The larynx is uniquely located at the divergence of the upper and lower airways and gastrointestinal tract. The vocal folds are housed within the larynx and are the only tissues in the human body that routinely vibrate at frequencies ranging from ~100-1000 Hz, in order to generate voice.

Voice disorders affect millions of people every year and have a devastating impact on communication and quality of life. Our work is focused on laryngeal mucosal biology. Specifically, we investigate the cellular and molecular events leading to the development of voice disorders and seek to identify unique mechanisms involved in protection of the vocal fold mucosa from injury.

We actively seek to translate our research findings into practical applications for other voice scientists, clinicians, and patients with voice disorders.

Our investigative efforts are organized along four main research thrusts: 1) Laryngeal epithelial regeneration, 2) Laryngeal mucus production, 3) Laryngeal health effects of e-cigarettes, and 4) Novel interventions for voice disorders.

Laryngeal Epithelial Regeneration

Our laboratory has demonstrated pathological changes, or remodeling, in the composition and organization of the laryngeal epithelium in humans and animal models in response to exposure to inhaled tobacco products insults, notably cigarette smoke (CS). Remodeling affects the ability of the epithelium to function as an effective barrier and likely predisposes the tissue to disease development. CS has been implicated in the pathogenesis of multiple vocal fold diseases. Despite the prevalence and likely importance of epithelial remodeling in CS-induced laryngeal disease, its etiology is poorly understood. This is due to a lack of basic knowledge of the mechanisms which dictate laryngeal epithelial regeneration versus permanent tissue remodeling linked to CS. Specifically, little is known about the biology of the basal cell (BC) population, a reservoir of progenitor cells in the laryngeal epithelium.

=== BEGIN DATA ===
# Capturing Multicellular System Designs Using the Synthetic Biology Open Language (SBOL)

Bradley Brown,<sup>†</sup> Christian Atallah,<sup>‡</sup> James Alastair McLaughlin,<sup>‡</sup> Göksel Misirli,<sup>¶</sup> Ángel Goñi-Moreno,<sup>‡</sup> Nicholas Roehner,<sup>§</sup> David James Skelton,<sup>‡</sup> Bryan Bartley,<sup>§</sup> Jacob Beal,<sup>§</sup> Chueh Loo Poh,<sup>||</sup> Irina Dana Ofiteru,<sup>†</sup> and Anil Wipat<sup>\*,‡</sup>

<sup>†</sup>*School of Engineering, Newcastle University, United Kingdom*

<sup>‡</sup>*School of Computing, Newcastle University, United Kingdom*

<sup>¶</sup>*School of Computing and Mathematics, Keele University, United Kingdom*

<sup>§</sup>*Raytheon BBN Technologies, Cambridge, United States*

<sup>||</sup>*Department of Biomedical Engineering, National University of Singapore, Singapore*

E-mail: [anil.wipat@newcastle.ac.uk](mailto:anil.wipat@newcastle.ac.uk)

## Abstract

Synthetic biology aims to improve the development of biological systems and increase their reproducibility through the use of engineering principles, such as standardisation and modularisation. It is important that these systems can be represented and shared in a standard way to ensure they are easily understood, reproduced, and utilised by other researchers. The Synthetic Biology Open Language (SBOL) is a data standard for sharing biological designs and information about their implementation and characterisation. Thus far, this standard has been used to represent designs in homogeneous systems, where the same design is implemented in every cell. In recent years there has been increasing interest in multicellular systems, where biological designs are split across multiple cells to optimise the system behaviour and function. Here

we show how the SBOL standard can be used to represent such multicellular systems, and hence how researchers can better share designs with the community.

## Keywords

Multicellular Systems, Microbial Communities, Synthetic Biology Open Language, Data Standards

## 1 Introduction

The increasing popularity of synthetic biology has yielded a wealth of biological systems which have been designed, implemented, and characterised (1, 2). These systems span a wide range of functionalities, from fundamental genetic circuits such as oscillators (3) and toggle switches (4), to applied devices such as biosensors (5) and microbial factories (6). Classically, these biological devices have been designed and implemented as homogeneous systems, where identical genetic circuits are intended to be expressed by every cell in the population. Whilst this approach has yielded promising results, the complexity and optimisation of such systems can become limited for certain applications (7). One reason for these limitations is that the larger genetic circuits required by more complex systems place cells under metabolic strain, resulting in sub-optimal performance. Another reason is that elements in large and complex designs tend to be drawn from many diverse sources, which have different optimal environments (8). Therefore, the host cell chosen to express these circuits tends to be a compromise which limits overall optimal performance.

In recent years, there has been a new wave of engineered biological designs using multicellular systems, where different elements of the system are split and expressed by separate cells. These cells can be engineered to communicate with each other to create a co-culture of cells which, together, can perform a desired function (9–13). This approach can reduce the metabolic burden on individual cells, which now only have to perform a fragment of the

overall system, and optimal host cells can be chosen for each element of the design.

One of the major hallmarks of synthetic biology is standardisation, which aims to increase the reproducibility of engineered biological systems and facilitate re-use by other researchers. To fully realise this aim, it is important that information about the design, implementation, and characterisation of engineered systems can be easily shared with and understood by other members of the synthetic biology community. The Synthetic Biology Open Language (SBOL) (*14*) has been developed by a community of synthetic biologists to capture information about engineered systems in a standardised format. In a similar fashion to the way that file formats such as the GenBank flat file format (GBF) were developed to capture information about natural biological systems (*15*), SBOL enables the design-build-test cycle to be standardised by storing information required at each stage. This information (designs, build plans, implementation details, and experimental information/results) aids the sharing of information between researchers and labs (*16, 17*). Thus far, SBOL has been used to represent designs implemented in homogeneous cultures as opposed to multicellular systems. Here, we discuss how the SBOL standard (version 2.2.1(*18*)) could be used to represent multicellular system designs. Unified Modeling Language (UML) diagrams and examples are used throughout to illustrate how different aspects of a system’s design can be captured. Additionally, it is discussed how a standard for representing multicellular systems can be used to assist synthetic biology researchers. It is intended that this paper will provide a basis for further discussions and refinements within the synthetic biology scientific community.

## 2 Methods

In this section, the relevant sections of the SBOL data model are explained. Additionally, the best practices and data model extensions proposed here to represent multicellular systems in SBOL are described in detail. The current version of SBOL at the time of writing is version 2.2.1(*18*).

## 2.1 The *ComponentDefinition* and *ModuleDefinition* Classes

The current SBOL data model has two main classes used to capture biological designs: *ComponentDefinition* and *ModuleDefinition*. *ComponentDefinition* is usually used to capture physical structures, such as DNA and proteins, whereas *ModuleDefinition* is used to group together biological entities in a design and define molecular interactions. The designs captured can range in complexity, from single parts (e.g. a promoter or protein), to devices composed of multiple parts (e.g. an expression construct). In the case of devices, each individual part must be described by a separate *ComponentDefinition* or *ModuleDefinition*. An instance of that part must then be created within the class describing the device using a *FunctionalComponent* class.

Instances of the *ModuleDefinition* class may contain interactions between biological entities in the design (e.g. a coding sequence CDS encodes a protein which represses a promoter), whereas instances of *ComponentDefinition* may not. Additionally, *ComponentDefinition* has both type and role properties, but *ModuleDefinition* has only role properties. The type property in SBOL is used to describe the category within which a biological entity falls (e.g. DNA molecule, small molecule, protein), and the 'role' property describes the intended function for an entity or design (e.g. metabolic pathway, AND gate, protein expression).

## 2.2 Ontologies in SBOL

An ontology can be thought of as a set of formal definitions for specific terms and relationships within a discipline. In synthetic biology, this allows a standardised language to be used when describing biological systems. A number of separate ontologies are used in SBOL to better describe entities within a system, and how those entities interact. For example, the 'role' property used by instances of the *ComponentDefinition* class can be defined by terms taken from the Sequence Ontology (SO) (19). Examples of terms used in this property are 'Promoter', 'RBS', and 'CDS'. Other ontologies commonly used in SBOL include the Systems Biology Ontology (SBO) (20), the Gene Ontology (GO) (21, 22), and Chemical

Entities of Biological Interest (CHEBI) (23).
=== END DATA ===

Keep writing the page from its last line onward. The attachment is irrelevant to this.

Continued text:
We are testing whether BC are critical to normal laryngeal epithelial regeneration and whether CS-induced alterations in BC biology are associated with epithelial remodeling and disease development. Studies on human tissue specimens alone cannot offer insight into the full trajectory of the role of BC in laryngeal regeneration as well as injury and disease development. Consequently, we use novel in vivo and in vitro models of CS exposure developed in our laboratory to study laryngeal BC properties in differentiated epithelium, primary culture, and physiologically relevant three-dimensional epithelial cell culture systems

Laryngeal Mucus Production

The vocal folds are exposed to ~25 million pollutant, viral, and bacterial insults each day and require protection from this myriad of inhaled insults. Mucus is the thin layer of fluid that covers the surface of the vocal folds and is the first line of defense in the larynx. However, an increased amount of thick, tacky mucus is commonly observed on the vocal folds in persons with inflammatory voice disorders. This phenomenon, described as “mucus aggregation,” is not trivial. Mucus aggregation is one of the most common complaints of persons with voice disorders and leads to phonotraumatic behaviors, negatively impacts vocal fold vibration and voice quality, and may even promote the accumulation of noxious irritants in the larynx.